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Dietary copper intake in artificially fed infants.
  1. S Salim,
  2. J Farquharson,
  3. G C Arneil,
  4. F Cockburn,
  5. G I Forbes,
  6. R W Logan,
  7. J C Sherlock,
  8. T S Wilson

    Abstract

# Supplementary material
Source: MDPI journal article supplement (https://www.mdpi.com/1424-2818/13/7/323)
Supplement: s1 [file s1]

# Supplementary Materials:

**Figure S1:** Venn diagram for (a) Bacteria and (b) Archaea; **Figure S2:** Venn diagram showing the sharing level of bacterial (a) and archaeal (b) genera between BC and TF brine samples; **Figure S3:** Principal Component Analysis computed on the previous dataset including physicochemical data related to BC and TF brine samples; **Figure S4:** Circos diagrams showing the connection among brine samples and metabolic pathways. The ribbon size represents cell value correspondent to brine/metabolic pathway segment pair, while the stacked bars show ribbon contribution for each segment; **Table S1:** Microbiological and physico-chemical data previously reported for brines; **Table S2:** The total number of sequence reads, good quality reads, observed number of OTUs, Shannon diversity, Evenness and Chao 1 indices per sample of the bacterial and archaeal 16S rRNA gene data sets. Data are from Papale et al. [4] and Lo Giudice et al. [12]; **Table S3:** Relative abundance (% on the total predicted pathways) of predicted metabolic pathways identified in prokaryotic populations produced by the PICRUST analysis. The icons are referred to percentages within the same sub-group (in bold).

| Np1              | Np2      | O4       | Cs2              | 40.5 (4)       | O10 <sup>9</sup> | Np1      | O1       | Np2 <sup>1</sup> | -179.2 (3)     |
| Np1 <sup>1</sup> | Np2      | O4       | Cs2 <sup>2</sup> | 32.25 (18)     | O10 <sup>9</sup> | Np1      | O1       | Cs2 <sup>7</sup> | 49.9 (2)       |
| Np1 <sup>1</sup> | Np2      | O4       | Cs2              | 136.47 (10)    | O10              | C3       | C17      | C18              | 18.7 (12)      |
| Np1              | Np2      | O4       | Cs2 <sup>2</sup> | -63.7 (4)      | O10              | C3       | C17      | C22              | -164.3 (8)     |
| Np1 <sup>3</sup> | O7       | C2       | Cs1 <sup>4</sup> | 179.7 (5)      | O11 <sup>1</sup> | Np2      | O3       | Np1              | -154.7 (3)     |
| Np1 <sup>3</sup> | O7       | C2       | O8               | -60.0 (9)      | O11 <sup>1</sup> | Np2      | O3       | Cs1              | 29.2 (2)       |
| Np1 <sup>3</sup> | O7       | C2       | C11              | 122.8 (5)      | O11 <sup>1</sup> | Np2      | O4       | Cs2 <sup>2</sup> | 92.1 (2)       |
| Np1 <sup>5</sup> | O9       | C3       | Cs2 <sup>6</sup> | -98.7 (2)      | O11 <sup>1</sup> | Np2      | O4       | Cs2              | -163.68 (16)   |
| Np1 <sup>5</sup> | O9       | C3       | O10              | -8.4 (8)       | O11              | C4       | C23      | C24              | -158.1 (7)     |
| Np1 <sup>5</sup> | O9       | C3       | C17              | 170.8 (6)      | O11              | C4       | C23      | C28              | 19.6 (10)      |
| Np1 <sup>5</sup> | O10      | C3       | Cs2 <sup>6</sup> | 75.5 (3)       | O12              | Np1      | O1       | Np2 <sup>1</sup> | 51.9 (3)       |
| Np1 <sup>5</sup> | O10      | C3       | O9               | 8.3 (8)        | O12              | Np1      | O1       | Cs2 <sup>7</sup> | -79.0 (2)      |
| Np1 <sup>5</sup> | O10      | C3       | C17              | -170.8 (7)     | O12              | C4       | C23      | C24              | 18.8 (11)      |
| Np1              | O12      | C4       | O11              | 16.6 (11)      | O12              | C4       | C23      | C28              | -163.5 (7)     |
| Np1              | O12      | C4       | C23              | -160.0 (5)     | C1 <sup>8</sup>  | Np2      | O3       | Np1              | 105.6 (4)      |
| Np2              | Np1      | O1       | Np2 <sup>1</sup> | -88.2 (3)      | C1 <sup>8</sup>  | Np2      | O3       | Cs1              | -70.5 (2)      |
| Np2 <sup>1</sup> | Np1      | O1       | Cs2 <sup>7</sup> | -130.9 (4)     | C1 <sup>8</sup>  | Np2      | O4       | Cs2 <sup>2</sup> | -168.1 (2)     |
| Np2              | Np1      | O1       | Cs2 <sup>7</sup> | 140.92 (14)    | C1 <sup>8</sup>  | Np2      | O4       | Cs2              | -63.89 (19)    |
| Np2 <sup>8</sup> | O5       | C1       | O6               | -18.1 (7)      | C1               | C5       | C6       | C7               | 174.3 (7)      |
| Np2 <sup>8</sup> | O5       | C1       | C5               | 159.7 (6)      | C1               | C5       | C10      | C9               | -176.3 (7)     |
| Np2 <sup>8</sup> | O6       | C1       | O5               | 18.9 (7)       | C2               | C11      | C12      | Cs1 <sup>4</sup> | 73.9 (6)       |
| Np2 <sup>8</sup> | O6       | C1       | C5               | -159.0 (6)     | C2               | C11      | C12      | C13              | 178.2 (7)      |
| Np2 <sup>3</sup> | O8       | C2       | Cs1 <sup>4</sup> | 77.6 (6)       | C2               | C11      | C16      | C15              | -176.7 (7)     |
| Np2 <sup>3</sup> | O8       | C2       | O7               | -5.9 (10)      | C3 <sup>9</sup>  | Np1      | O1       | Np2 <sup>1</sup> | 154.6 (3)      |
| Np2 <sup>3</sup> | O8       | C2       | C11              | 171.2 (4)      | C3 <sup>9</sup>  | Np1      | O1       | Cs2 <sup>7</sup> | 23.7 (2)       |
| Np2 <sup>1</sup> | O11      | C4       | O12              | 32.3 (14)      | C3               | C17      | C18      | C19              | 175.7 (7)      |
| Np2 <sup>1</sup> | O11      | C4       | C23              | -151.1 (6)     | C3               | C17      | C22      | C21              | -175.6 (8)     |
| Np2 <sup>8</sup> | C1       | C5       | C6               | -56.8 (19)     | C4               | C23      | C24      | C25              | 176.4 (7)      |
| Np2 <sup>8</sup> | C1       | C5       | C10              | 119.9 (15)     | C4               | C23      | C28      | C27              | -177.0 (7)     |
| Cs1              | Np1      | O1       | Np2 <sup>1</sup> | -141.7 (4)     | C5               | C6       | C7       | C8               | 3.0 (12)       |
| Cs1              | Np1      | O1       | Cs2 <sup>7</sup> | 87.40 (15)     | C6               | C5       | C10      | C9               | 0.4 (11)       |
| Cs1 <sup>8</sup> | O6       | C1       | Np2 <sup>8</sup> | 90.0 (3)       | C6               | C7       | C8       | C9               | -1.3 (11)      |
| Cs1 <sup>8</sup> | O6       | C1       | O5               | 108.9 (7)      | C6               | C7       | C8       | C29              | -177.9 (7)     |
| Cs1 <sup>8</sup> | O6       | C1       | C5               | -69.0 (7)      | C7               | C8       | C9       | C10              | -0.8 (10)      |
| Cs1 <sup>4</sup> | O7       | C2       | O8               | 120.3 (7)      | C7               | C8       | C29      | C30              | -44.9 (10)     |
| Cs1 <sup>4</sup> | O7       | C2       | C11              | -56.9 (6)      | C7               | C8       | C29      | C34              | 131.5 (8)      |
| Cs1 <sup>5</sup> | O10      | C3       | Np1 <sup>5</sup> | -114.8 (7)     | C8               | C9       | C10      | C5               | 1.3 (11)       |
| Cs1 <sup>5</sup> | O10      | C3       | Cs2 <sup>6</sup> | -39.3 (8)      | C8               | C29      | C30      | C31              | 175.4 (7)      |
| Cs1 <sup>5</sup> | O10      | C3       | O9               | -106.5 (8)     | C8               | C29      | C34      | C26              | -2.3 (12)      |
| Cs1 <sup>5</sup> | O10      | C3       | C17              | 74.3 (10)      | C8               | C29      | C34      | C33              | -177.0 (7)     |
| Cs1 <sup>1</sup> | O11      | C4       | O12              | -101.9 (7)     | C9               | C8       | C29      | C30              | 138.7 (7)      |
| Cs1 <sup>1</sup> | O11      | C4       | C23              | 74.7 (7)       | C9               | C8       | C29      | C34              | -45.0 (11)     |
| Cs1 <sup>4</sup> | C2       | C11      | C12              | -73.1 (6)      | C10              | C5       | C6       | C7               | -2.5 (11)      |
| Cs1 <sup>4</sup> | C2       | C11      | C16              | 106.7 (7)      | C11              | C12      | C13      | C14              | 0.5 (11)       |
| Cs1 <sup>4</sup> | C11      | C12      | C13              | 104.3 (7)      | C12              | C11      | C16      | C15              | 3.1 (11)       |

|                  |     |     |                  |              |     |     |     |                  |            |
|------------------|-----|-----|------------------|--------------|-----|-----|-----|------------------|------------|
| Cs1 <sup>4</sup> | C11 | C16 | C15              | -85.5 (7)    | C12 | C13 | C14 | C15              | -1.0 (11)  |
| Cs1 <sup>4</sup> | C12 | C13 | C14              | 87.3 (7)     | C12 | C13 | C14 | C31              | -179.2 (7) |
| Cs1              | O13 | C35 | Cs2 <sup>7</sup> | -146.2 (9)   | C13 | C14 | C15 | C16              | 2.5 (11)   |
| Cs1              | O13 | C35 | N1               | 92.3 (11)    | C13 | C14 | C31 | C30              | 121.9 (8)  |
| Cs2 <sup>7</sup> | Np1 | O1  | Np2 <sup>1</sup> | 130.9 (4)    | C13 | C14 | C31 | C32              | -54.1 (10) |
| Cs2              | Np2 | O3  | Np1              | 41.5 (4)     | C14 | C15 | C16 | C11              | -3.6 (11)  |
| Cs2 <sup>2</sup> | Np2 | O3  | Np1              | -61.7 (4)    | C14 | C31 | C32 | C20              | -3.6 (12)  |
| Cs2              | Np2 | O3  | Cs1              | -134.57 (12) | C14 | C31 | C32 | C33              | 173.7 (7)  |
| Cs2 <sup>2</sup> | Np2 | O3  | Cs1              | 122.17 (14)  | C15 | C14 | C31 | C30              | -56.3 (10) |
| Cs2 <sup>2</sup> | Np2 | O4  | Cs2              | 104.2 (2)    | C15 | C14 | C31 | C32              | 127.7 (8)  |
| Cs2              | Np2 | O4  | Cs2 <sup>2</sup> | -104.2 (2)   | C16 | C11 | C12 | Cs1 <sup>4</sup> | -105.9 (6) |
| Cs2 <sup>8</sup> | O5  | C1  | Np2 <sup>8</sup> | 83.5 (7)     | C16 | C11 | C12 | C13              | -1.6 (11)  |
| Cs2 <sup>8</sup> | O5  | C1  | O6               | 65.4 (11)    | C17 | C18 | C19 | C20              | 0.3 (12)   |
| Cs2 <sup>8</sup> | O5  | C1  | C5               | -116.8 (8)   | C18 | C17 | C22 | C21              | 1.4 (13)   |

Plasma concentrations of copper and zinc and leucocyte concentrations of zinc were measured in mothers during later pregnancy, at delivery, and 8-10 weeks after birth, and plasma concentrations of copper and zinc were measured in their infants at delivery and 8-10 weeks after birth. The 145 infants were either breast fed or fed one of two milk formulas supplying copper at different concentrations. None of the infants achieved the minimum copper intakes recommended by the World Health Organisation (WHO). At 2 months of age there were no major differences in growth or health detected in infants fed the different copper intakes. Infant birth weight correlated well with the ratio of maternal venous plasma zinc:maternal leucocyte zinc at delivery. Maternal venous plasma copper and zinc concentrations at birth correlated with umbilical venous plasma copper and zinc concentrations. Infants fed the higher copper content formulas had a low mean plasma zinc concentration without a significant increase in the mean plasma copper concentration. The present WHO recommendations regarding minimum copper intakes for infants fed formulas cannot be achieved with currently available formulas and are probably wrong.

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